Structure Made Simple
A step-by-step guide to reaching into structural biology databases and extracting the most for your research.
There’s certainly no shortage of structural biology data today, but that doesn’t make it easy to use.
Between technical advances and high-throughput structural genomics, structure databases are stuffed to overflowing with multicolored renderings of proteins, nucleic acids, and macromolecular complexes. As of January 2010, more than 62,000 structures have been deposited in the RCSB Protein Data Bank, more than 50,000 of them since 2000.
Such data have tremendous value, of course. They can guide rational drug design efforts, put genetic mutations into physical context, and identify structural features of interest. But it isn’t easy to extrapolate from published figures alone. “The pictures [in journals] are hard to make sense of,” says Eric Martz, emeritus professor of microbiology at the University of Massachusetts, Amherst, who designs software tools for structure visualization. “They are very complex three-dimensional pictures squashed flat on a page.” Plus, journal figures only highlight features important to the authors; other researchers may be interested in different regions or residues.
Biologists therefore must be prepared to dig into the structural data themselves. Yet if the average researcher lacks the tools and training to visualize and manipulate these data, call out key elements, and—most important—develop hypotheses for future experiments, then the very researchers who might benefit the most from structural biology efforts ultimately will fail to do so.
So how to leverage structural data to answer questions in your own research? The Scientist asked structural biologists and software designers to identify and answer some key questions structure newbies might ask. Here’s what they said.
Published structures are deposited in the Protein Data Bank (PDB) by accession number; simply enter that number (often listed in the structure’s publication) and go. (You may also view structures associated with published articles directly from their PubMed records.) Each PDB page includes a static 3D thumbnail of the structure, as well as links to explore the structure in other viewers, which allow you to rotate them freely, zoom in and out, identify residues, and so on.
One of the viewers in PDB, Jmol, is a Java-enabled viewer that requires no additional browser plug-ins, and is controlled via a scripting language and a right-click-enabled menu. Alternatively, try FirstGlance in Jmol, which simplifies the Jmol interface; written by Martz, it is now used by Nature and Nature Structural and Molecular Biology (via the 3D View link in the contents or in the full-text article). Another option: Proteopedia.org, a structure wiki developed by Joel Sussman, director of the Israel Structural Proteomics Center at the Weizmann Institute of Science, and Weizmann colleagues Jaime Prilusky, and Eran Hodis. (Martz also contributes heavily to this resource.)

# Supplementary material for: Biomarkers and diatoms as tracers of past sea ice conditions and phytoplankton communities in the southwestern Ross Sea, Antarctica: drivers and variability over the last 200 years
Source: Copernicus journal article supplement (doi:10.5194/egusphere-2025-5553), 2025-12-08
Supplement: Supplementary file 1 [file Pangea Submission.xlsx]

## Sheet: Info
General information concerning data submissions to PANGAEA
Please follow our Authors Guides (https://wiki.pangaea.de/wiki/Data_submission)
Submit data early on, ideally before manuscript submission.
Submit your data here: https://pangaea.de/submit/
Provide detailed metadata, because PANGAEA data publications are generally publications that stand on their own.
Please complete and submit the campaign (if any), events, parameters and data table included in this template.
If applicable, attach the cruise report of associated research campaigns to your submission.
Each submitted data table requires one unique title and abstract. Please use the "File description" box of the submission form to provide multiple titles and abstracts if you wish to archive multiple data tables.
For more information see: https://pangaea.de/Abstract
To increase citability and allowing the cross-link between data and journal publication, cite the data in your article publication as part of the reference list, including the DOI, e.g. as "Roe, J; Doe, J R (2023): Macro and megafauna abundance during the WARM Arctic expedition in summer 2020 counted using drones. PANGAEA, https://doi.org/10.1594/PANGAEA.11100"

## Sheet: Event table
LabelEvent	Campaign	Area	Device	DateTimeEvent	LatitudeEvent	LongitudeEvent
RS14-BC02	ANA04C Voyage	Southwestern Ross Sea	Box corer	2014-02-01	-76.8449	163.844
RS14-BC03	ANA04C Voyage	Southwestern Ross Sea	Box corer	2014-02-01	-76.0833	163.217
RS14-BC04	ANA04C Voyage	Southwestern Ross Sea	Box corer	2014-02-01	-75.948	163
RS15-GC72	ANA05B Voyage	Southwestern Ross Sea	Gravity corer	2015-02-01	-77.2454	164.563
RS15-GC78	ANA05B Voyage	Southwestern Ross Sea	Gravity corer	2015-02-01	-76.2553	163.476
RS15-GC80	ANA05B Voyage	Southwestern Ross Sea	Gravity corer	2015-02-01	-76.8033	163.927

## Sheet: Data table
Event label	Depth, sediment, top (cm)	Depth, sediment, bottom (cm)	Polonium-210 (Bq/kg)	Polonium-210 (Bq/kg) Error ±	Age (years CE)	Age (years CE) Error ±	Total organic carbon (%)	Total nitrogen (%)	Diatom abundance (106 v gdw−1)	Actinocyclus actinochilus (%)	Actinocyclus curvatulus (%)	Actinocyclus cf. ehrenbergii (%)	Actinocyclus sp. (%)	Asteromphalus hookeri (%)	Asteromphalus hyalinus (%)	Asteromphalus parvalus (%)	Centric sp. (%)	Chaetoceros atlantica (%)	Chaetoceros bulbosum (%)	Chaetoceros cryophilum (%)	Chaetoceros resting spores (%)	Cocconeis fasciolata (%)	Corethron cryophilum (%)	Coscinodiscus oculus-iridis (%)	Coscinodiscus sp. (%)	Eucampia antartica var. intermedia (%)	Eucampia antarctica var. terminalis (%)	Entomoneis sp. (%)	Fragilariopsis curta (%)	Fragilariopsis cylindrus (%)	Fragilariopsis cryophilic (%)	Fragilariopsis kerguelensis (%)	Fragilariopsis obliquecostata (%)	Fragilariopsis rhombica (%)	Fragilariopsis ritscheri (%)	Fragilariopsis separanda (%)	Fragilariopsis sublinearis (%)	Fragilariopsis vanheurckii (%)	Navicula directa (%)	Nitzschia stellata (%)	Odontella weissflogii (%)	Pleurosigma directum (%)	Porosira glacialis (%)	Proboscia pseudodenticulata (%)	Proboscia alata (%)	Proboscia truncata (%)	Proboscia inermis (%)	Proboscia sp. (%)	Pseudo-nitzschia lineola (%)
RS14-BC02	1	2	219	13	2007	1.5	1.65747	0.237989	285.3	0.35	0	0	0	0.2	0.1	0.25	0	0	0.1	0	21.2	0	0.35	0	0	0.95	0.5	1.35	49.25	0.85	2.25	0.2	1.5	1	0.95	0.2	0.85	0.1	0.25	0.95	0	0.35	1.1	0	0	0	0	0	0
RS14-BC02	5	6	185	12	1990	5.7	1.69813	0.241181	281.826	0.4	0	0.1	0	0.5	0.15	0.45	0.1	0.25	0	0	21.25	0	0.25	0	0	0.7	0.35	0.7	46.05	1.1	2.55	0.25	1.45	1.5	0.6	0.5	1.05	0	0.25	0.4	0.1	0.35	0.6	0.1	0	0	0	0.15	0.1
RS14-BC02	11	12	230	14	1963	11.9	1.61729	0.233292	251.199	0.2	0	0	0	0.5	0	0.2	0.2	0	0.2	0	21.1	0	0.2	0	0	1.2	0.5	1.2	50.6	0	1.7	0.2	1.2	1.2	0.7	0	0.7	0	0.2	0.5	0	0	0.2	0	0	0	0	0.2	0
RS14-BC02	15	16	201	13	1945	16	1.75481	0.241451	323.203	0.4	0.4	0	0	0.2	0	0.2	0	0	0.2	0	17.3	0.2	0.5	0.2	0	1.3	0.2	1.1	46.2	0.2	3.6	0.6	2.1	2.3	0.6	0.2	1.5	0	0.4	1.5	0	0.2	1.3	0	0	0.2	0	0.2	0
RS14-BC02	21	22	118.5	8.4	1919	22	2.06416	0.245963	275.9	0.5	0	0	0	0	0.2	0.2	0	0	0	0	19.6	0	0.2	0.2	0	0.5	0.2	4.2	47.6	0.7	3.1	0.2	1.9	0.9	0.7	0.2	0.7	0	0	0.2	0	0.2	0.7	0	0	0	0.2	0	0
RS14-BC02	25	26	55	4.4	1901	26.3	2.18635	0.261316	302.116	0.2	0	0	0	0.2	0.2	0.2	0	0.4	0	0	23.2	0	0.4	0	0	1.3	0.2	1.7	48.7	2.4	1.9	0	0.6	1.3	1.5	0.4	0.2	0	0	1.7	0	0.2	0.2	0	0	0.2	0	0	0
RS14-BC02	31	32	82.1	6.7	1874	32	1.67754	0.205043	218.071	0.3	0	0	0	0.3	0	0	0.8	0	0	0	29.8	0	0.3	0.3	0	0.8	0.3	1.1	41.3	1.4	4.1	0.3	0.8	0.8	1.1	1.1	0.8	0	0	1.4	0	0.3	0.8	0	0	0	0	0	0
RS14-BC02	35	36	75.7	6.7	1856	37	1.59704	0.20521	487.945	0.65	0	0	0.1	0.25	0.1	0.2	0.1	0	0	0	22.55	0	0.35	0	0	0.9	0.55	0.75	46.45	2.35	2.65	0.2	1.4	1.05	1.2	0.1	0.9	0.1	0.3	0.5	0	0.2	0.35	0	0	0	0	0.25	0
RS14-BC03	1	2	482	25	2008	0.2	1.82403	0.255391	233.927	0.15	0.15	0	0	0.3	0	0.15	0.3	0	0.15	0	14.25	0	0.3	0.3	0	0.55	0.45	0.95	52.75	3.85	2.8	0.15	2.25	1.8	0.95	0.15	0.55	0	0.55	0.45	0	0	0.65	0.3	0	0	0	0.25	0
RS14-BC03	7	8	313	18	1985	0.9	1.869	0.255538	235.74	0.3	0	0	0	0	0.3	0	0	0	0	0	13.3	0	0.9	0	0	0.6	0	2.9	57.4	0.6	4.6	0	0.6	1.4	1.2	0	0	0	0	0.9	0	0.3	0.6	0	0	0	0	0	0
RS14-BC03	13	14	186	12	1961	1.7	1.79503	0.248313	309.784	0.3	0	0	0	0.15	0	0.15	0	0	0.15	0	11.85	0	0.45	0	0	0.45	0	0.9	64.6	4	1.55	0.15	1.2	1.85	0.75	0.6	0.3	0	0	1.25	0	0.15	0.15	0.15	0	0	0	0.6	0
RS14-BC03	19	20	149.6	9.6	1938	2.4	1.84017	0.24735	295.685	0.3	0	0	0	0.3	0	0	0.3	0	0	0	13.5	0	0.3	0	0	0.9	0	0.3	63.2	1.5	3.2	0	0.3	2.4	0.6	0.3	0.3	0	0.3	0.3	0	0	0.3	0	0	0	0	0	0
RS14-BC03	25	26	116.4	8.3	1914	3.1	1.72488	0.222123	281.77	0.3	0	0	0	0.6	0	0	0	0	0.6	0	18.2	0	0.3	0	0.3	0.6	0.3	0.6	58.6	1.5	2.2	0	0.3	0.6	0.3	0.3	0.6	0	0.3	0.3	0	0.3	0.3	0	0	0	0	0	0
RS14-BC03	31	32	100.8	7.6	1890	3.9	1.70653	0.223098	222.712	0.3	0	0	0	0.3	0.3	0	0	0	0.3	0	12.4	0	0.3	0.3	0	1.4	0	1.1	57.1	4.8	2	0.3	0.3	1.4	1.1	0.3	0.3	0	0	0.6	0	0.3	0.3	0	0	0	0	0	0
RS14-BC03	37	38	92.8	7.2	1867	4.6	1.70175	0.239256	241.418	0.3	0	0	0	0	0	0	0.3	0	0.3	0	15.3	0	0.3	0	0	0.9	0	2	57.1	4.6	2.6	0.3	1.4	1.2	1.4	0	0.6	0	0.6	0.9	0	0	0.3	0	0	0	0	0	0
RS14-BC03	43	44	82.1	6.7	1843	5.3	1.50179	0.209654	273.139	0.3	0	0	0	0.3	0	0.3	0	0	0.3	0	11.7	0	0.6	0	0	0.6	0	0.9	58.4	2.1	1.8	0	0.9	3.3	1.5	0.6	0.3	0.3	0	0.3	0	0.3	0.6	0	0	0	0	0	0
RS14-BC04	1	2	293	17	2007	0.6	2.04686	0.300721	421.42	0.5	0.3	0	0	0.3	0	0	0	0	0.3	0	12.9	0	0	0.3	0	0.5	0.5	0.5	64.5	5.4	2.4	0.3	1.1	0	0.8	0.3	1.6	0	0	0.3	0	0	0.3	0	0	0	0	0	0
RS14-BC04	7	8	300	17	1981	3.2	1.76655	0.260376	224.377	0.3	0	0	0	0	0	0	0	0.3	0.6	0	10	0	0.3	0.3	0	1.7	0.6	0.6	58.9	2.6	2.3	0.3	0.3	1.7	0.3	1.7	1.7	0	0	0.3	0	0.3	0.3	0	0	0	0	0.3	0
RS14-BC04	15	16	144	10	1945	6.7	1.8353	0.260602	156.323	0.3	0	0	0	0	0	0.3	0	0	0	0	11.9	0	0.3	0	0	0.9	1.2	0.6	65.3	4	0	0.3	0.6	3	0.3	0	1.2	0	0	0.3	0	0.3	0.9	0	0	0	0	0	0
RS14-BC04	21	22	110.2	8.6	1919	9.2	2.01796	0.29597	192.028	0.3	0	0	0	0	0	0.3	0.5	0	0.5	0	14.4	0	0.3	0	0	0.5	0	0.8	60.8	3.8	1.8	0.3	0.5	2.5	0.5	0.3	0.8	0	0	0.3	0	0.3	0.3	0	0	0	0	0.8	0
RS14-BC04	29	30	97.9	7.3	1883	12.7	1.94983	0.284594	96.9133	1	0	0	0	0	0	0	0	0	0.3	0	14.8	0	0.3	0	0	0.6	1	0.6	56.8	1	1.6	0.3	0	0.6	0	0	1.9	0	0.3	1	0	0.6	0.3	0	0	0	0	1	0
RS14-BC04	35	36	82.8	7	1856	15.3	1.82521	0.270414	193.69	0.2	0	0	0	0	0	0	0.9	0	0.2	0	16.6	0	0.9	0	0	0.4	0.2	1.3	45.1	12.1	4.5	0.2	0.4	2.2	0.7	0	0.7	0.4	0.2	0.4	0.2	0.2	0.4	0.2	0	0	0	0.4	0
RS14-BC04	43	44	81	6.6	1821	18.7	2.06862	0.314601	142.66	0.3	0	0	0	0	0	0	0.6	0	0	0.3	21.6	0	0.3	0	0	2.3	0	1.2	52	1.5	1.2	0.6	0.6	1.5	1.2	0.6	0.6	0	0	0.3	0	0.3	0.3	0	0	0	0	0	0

FirstGlance, Martz says, provides select “canned views” of a structure via “one-click operations,” for instance, to visualize a protein’s charge distribution or hydrophobicity. But it doesn’t provide any information beyond what’s found in the PDB record itself. In contrast, Proteopedia pages can be extensively annotated with user-designed 3D “scenes” to highlight specific features. The hemoglobin entry, for instance, includes Jmol animations identifying the glutamic acid mutated in sickle cell anemia, the contacts holding the heme groups in place, as well as a tool to visualize structural differences between oxy and deoxy forms of the protein. “The picture is linked to the scientific text in a way that makes it meaningful,” says Sussman, who adds that anyone can create such pages, whether for educational purposes (e.g., at Madison West High School, Madison, Wis) or simply to share knowledge.